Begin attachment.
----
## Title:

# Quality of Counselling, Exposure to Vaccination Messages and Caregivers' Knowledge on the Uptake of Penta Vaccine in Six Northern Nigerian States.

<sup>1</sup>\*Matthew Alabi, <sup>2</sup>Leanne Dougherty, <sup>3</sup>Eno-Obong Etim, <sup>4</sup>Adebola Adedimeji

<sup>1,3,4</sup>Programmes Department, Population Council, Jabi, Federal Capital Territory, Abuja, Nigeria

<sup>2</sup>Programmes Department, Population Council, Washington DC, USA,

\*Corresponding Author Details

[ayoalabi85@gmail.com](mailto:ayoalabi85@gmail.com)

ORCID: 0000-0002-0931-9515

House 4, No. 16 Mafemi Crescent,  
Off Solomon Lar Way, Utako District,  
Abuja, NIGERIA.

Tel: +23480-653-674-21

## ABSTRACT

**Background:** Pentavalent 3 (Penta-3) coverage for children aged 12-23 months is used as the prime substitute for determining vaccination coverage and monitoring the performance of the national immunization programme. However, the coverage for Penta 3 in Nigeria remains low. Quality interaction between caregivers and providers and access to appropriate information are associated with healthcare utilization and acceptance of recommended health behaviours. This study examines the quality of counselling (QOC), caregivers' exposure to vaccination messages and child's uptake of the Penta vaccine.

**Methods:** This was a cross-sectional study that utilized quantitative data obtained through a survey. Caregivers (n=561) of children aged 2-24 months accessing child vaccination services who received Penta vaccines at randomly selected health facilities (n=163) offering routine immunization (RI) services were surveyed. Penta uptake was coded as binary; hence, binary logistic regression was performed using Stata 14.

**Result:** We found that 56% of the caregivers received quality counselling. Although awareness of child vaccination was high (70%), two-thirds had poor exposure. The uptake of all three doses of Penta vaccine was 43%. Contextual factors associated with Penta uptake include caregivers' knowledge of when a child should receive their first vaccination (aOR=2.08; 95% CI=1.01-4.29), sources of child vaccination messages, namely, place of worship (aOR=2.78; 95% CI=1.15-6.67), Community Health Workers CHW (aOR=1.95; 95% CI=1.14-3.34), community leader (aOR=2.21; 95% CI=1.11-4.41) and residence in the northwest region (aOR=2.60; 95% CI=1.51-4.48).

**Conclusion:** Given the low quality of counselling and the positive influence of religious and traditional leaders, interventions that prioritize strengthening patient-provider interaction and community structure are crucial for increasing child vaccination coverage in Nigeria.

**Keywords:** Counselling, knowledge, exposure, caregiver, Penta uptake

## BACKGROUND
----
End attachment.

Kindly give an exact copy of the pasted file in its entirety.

## Title:

# Quality of Counselling, Exposure to Vaccination Messages and Caregivers' Knowledge on the Uptake of Penta Vaccine in Six Northern Nigerian States.

<sup>1</sup>\*Matthew Alabi, <sup>2</sup>Leanne Dougherty, <sup>3</sup>Eno-Obong Etim, <sup>4</sup>Adebola Adedimeji

<sup>1,3,4</sup>Programmes Department, Population Council, Jabi, Federal Capital Territory, Abuja, Nigeria

<sup>2</sup>Programmes Department, Population Council, Washington DC, USA,

\*Corresponding Author Details

[ayoalabi85@gmail.com](mailto:ayoalabi85@gmail.com)

ORCID: 0000-0002-0931-9515

House 4, No. 16 Mafemi Crescent,  
Off Solomon Lar Way, Utako District,  
Abuja, NIGERIA.

Tel: +23480-653-674-21

## ABSTRACT

**Background:** Pentavalent 3 (Penta-3) coverage for children aged 12-23 months is used as the prime substitute for determining vaccination coverage and monitoring the performance of the national immunization programme. However, the coverage for Penta 3 in Nigeria remains low. Quality interaction between caregivers and providers and access to appropriate information are associated with healthcare utilization and acceptance of recommended health behaviours. This study examines the quality of counselling (QOC), caregivers' exposure to vaccination messages and child's uptake of the Penta vaccine.

**Methods:** This was a cross-sectional study that utilized quantitative data obtained through a survey. Caregivers (n=561) of children aged 2-24 months accessing child vaccination services who received Penta vaccines at randomly selected health facilities (n=163) offering routine immunization (RI) services were surveyed. Penta uptake was coded as binary; hence, binary logistic regression was performed using Stata 14.

**Result:** We found that 56% of the caregivers received quality counselling. Although awareness of child vaccination was high (70%), two-thirds had poor exposure. The uptake of all three doses of Penta vaccine was 43%. Contextual factors associated with Penta uptake include caregivers' knowledge of when a child should receive their first vaccination (aOR=2.08; 95% CI=1.01-4.29), sources of child vaccination messages, namely, place of worship (aOR=2.78; 95% CI=1.15-6.67), Community Health Workers CHW (aOR=1.95; 95% CI=1.14-3.34), community leader (aOR=2.21; 95% CI=1.11-4.41) and residence in the northwest region (aOR=2.60; 95% CI=1.51-4.48).

**Conclusion:** Given the low quality of counselling and the positive influence of religious and traditional leaders, interventions that prioritize strengthening patient-provider interaction and community structure are crucial for increasing child vaccination coverage in Nigeria.

**Keywords:** Counselling, knowledge, exposure, caregiver, Penta uptake

## BACKGROUND